Costa Rica Set to Fine Nicaraguan Migrants Monthly for Overstaying Visas

While the English-language U.S. press has focused on Central American migrants journeying north, little is being written about the migrant crisis happening in Costa Rica. Contrary to reports that Nicaragua is not experiencing much migration to the United States when compared to countries such as El Salvador, Guatemala and Honduras, one fact is being largely ignored: Costa Rica has long had an ugly history with Nicaraguan migrants, and starting September 1, the Costa Rican government is planning to fine Nicaraguans $100 for overstaying their visas.

Such news is causing confusion in both countries and raising tensions about a system that has been ignored by the vast majority of Americans. In addition, there are reports that Nicaraguan military officials allegedly charged migrants money for obtaining legal status in Costa Rica.

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According to agencies who track data about the two countries, around 350,000 Nicaraguans live in Costa Rica, making up for approximately 8 percent of Costa Rica’s total population. Other estimates report that about 400,000 Nicaraguans migrate to Costa Rica each year. Of those estimated 400,000, about 278,000 have legal residency or permission to work in Costa Rica.

In fact, Costa Rica has a greater net migration rate (2.7 migrants per each 1,000 in population) than the United States’ net migration rate. (-6.8 migrants per each 1,000 in population).

As Sergio Ramírez, the former Vice President of Nicaragua, wrote last month:

Costa Rica is like the United States to Nicaraguans. Our very own “American dream” right there, right next door. We speak the same language, migrants are able to send home handsome remittances as they make four times what they would in Nicaragua, they have access to quality health and education for their children, and the border is more loosely guarded, with dozens of clandestine crossings. Periodic amnesties for illegal migrants are not uncommon in Costa Rica.

He also added:

Furthermore, it is a floating population that comes and goes because distances are so short. A man can migrate to Costa Rica looking for a temporary job harvesting coffee or oranges, he may leave his family behind and come back, or he could have his family brought over. The same goes for women who are employed as domestic help and who come from the poorest rural areas.

Naturally, massive migration to Costa Rica causes tensions between the two countries. There are chauvinist outbursts in Costa Rica, illegal migrants’ raids and deportations, but then everything goes back to normal. And suddenly, there are reasons for us to stand together amidst dissentions. A boy, who migrated with his parents, made it into the Costa Rican soccer team that went to the World Cup, scored one of the decisive goals, and was celebrated as a national hero on both sides of the border.

In order for us to understand why so few Nicaraguan children reach the U.S. border, we must look to Costa Rica. Their parents are not in Chicago, Newark or Los Angeles and have no reason to pay smugglers to bring their children to them. They are in Costa Rica or Nicaragua, waiting for the opportunity to cross the border, with or without their children.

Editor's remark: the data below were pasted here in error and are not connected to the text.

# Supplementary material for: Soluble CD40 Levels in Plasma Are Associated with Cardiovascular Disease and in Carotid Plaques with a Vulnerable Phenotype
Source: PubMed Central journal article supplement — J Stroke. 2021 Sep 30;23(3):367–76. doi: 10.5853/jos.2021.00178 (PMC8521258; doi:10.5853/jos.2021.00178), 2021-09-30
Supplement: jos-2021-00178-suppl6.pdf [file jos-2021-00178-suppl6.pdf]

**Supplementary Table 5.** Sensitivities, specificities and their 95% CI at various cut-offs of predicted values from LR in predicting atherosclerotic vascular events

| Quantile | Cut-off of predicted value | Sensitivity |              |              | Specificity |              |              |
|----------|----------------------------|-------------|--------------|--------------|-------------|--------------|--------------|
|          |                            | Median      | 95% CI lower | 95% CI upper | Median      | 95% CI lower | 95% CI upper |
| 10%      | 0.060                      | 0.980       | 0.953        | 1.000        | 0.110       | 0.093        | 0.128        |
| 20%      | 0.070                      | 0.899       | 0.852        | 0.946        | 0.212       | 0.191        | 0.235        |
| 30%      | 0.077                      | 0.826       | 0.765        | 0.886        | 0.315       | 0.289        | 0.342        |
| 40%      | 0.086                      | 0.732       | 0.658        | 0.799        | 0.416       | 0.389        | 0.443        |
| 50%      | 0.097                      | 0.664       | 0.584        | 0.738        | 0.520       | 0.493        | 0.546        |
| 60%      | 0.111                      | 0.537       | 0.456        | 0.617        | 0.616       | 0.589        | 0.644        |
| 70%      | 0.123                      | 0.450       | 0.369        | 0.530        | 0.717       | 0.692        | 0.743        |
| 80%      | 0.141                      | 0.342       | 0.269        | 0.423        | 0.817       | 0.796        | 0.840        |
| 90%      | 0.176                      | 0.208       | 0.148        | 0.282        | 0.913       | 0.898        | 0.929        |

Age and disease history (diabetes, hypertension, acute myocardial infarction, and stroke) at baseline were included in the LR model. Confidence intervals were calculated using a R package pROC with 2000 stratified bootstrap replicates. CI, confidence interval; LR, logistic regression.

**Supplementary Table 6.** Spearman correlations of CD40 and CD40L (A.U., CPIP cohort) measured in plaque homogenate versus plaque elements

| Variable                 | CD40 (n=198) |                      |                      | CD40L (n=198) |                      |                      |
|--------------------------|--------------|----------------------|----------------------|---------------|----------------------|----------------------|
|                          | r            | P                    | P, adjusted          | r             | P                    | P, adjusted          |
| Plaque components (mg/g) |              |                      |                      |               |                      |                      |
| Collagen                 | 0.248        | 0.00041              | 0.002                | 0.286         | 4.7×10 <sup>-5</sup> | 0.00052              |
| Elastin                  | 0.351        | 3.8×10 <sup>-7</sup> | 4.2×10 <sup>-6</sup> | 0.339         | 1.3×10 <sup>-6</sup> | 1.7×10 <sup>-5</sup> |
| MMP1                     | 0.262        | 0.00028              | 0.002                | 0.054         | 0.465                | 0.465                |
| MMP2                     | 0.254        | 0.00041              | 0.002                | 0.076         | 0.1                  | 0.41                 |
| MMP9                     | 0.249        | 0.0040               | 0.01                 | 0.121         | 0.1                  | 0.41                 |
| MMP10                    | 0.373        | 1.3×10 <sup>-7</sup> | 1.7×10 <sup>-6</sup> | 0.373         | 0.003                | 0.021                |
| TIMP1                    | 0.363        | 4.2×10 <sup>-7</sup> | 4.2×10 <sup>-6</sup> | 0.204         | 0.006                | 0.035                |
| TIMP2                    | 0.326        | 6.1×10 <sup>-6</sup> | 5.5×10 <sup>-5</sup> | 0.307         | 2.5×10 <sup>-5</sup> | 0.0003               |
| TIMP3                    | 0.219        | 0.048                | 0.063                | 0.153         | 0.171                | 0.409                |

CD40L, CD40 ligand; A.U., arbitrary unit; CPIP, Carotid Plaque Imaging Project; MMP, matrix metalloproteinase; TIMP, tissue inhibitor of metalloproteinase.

Others have written that the child migrant crisis is indeed affecting Nicaragua as well, and that it is a pattern pointing southward instead of northward. In addition, a 2006 essay provided even more context and history:

Most Nicaraguan migrants don’t compete with Costa Ricans for jobs, since the labor markets are clearly segmented. Nicaraguans fill niches in the economy that Costa Ricans don’t want: largely seasonal agricultural activities, construction, domestic service, private security and, to a lesser extent, commerce.

How many are there? The mass media and certain politicians like to throw around the easy, round figure of a million Nicaraguan migrants in Costa Rica. The most commonly used figure is 800,000. These figures were heard less often for a while, after the census results were released, but unfortunately the new migration law has reactivated xenophobic attitudes among politicians and the media, who use the higher figures to justify harsher immigration regulations. Members of the academic community and other analysts who research immigration estimate that there are around 400-450,000 between January and May, the time of year when the greatest number of Nicaraguans come to Costa Rica.

Nonetheless, a story published today by Reuters confirmed what most people in Costa Rica and Nicaragua have known for years:

Nicaragua is the second-poorest country in the Western Hemisphere, after Haiti, with more than two-thirds of its people living on $4 a day or less, according to the World Bank.

To be sure, poverty pushes many Nicaraguans to migrate to find better jobs, but the majority head south to wealthier Costa Rica to work in construction or picking coffee and fruit instead of heading north to the United States.

It is quicker, cheaper and safer to cross the border into Costa Rica and there are fewer well-established centers of Nicaraguans living in the United States, so it is tougher for new migrants to make a life there.

Such a “South-South” narrative rarely gets discussed in the U.S. media. We can only wonder why not.

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